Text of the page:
Exploring connections between plurilingual children’s writing competence and writing motivation

Exploring connections between plurilingual children’s writing competence and writing motivation

First Author: Kelli Finney -- Simon Fraser University
Additional authors/chairs: 
Maureen Hoskyn
Keywords: Writing performance, Writing motivation, Self-concept, Awareness, Longitudinal
Abstract / Summary: 

Purpose: This study examines how young plurilingual children’s identities as emerging writers influences their writing competencies and explores how children’s self-concept as writers highlights variation in writing performance.

Method: Three cohorts of children (total n=336; self-identified plurilingual n=264) in kindergarten to grade 2, living in lower mainland British Columbia, completed a picture-prompted narrative writing task to measure writing competence and a semi-structured language and writing interview to identify languages of instruction, home languages, and feelings about writing. Data collection took place over four years of group research sessions, part of a longitudinal study examining relationships between plurilingualism and executive functioning. Writing samples were scored for quality and coherence using a 6-point holistic rating scale and children’s interview responses were scored to determine writing affect score. A mixed methods design was then used to explore the complex relationship between children’s writing competency and their identities as writers.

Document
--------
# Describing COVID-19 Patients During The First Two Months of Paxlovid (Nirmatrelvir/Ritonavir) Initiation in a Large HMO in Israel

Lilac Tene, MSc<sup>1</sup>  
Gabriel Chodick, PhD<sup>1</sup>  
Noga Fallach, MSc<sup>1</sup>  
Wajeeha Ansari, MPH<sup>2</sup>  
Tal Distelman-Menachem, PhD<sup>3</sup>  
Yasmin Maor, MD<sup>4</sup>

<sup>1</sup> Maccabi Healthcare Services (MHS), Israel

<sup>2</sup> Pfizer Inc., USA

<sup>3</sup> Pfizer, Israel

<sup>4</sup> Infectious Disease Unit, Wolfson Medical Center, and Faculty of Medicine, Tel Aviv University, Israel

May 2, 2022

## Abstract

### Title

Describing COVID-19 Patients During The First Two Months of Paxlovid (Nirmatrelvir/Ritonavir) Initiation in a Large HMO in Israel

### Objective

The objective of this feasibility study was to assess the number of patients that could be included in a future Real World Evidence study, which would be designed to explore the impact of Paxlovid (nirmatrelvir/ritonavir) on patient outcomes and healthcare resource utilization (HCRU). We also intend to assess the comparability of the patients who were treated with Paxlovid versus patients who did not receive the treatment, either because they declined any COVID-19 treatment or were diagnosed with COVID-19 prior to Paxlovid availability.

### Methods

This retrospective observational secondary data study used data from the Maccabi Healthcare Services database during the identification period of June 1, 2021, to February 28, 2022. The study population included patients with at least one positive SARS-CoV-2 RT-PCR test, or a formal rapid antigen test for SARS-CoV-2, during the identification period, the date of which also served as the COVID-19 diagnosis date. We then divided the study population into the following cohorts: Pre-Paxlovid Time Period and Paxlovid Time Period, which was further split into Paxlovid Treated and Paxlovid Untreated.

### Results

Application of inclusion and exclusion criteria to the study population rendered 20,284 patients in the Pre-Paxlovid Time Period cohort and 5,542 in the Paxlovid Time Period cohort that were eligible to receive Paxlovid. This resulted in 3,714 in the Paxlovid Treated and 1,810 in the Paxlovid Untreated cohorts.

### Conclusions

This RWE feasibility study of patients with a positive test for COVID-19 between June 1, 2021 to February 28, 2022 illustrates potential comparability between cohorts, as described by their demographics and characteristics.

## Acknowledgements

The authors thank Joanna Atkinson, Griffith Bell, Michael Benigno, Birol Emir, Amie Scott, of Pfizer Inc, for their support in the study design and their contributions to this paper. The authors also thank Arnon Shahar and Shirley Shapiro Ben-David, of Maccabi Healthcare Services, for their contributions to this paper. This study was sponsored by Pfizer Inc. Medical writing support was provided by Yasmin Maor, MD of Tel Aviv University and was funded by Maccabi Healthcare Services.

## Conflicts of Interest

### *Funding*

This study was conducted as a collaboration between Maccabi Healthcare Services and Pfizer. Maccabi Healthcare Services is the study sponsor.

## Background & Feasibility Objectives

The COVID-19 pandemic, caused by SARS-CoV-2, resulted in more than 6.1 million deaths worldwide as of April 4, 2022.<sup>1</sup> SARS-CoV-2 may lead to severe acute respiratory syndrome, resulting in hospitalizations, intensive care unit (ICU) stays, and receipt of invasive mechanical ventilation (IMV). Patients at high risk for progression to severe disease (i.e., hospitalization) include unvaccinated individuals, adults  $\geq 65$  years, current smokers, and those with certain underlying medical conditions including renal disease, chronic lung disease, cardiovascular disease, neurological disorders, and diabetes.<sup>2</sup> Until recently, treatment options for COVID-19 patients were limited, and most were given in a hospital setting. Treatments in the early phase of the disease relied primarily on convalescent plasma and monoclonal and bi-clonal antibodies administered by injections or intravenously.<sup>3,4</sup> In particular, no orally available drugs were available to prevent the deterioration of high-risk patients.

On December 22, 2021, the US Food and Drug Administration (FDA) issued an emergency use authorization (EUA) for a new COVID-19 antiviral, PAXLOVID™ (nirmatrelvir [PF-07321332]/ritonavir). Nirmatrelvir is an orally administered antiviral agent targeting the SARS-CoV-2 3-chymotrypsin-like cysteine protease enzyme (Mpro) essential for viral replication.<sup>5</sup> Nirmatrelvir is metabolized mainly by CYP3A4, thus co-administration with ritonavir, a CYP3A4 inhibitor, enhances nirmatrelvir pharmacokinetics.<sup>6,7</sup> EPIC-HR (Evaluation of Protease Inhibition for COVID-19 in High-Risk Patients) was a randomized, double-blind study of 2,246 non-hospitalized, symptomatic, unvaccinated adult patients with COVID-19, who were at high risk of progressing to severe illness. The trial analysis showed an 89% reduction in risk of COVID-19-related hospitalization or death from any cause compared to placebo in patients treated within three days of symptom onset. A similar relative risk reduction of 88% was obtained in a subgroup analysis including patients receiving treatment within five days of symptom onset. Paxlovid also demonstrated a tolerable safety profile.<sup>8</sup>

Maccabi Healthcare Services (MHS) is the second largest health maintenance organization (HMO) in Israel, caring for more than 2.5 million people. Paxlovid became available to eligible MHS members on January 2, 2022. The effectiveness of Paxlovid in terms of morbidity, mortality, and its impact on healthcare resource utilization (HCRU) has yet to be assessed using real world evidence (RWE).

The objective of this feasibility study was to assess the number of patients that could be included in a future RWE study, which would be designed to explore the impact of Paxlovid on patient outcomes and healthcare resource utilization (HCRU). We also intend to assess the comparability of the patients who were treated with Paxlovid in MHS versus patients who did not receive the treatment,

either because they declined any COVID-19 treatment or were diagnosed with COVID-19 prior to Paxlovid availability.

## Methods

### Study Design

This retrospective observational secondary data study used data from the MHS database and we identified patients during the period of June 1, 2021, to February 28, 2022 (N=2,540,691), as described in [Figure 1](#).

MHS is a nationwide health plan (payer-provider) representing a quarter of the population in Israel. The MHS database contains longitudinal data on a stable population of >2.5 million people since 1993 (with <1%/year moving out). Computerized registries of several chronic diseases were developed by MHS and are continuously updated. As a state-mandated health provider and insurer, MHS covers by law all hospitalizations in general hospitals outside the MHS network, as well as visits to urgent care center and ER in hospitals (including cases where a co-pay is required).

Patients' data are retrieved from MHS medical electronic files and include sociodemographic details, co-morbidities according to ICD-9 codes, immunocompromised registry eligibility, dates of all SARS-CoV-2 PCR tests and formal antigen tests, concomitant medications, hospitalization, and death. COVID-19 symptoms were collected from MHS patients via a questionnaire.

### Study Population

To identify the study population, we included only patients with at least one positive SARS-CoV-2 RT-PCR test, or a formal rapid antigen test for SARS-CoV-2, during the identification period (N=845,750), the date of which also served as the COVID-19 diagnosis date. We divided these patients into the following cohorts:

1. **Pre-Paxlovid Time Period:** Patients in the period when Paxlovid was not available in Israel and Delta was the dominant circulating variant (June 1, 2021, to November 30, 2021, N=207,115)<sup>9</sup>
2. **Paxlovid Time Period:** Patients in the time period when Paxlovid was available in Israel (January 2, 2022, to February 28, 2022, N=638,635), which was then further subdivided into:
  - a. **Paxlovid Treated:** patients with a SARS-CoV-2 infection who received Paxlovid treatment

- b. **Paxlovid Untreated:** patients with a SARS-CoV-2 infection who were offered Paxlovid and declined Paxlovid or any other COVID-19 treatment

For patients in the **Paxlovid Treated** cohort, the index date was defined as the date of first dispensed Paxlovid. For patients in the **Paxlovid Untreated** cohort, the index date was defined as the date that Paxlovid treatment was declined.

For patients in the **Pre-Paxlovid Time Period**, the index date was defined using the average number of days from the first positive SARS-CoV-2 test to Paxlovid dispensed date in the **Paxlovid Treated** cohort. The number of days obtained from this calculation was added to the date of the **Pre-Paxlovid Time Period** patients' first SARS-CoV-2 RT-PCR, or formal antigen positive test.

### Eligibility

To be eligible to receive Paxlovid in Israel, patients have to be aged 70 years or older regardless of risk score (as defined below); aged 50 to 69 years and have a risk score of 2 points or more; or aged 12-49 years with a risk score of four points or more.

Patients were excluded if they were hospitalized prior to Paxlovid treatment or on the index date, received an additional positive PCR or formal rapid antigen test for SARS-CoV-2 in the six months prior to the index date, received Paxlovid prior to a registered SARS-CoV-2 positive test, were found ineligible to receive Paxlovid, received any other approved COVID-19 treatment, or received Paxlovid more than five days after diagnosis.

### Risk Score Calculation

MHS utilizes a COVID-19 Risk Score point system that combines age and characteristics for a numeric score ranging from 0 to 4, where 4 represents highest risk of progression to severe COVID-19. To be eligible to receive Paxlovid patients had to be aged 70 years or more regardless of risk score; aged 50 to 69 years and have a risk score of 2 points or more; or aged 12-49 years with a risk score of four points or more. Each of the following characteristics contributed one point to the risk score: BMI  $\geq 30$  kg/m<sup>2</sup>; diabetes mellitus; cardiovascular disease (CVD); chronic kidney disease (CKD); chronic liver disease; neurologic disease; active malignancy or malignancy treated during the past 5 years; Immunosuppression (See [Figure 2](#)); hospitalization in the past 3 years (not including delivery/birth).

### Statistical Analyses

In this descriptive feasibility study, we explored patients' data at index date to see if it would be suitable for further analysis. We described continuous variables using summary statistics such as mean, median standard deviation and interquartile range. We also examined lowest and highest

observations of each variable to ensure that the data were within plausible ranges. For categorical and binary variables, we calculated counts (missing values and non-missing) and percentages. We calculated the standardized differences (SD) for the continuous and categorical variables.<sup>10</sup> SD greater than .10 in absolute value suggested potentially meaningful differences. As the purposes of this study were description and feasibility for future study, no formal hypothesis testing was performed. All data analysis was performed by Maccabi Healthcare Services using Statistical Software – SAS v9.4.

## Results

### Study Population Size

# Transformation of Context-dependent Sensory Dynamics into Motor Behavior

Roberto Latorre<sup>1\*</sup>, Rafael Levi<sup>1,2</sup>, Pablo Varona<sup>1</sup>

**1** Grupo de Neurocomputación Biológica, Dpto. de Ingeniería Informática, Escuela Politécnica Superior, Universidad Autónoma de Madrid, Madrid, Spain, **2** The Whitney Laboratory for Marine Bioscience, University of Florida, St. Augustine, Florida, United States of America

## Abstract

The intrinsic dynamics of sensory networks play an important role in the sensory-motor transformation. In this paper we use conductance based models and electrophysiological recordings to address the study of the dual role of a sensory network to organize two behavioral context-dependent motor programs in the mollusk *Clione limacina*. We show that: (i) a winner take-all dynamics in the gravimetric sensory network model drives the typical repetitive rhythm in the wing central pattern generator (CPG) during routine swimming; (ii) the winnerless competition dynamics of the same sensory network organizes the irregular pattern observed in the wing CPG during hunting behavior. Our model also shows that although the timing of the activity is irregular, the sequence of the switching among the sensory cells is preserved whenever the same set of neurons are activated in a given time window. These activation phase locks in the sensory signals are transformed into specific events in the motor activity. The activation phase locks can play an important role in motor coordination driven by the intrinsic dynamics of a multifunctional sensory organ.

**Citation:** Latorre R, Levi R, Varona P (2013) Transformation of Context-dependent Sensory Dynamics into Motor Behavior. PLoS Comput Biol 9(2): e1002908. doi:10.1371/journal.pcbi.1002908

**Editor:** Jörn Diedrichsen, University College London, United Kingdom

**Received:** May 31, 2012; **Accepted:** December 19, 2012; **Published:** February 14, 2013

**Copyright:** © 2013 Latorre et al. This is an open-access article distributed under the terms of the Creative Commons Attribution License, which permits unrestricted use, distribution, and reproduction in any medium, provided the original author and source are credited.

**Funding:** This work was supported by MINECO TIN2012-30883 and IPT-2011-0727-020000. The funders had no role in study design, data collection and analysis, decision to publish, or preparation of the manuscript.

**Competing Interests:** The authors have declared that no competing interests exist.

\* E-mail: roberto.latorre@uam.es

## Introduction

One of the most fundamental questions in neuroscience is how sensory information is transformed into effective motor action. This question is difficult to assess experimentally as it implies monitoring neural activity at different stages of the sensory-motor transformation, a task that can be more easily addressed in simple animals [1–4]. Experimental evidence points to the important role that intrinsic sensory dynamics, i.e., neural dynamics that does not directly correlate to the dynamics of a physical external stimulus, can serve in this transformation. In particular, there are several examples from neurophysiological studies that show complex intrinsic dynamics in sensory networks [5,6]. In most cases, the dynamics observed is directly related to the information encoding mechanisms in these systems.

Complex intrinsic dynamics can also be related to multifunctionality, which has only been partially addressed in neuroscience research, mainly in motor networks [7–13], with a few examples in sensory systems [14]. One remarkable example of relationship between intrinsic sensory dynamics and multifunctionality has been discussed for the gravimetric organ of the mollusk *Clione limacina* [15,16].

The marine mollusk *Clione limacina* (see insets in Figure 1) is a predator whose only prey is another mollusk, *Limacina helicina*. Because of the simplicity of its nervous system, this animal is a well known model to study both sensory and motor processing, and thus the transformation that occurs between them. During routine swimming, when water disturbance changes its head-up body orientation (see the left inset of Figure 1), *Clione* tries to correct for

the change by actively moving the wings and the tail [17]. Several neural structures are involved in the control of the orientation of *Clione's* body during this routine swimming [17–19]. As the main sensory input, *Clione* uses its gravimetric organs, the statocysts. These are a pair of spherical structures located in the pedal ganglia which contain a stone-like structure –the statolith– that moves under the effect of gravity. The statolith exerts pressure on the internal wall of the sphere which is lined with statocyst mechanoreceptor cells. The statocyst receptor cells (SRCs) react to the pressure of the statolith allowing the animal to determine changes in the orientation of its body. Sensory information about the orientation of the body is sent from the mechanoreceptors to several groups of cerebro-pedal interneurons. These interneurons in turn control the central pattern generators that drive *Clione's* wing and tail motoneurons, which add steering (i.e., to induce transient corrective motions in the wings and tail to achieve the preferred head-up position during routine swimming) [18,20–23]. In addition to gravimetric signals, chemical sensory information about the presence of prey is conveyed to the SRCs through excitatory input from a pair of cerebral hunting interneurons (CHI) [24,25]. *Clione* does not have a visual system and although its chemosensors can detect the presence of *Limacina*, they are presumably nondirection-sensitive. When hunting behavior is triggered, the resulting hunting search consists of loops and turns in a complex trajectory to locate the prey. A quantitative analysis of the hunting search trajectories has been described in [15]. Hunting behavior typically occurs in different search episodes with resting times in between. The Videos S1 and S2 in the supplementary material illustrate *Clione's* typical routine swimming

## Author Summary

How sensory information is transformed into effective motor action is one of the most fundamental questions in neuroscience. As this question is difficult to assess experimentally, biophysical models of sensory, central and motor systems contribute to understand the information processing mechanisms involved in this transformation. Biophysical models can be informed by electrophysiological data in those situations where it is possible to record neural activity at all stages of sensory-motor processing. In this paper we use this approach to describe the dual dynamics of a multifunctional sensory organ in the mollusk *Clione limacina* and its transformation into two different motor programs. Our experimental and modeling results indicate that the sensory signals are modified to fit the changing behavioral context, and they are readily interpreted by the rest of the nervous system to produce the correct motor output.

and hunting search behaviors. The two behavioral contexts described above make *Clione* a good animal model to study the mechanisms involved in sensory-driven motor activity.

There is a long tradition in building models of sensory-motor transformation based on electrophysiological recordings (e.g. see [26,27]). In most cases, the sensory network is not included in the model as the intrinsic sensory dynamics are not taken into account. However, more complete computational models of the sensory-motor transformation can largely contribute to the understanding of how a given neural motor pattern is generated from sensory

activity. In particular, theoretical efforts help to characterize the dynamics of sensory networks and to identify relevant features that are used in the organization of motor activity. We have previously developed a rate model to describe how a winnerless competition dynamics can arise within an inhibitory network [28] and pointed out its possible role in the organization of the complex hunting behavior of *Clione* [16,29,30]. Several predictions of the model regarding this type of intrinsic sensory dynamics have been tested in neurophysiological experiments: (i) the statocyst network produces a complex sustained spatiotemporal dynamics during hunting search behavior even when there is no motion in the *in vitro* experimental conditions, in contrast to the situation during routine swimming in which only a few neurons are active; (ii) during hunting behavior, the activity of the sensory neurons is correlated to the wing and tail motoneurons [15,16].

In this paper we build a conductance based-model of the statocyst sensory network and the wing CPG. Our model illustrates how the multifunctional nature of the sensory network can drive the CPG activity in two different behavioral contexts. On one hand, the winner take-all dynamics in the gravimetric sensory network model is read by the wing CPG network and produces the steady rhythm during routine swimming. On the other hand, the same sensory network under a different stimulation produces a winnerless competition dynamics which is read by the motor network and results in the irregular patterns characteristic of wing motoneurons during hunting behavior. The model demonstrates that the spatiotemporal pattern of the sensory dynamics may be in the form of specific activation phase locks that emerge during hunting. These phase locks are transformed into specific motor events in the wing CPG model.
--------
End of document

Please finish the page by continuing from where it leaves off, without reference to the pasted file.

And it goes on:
Results: In general, those children reporting both positive feelings toward writing and positive self-concept as writers displayed greater competence in writing, evidenced by higher writing quality scores. However, a notable body of children showed a disconnect between writing competence and feelings toward writing, indicating the ongoing nature of self-concept development.

Conclusions: Identification of group-generalizable factors contributing to writing competence, along with reinforcement of the highly individual nature of writing development underscores the necessity of differentiated writing instruction that also supports development of children’s affective disposition to writing.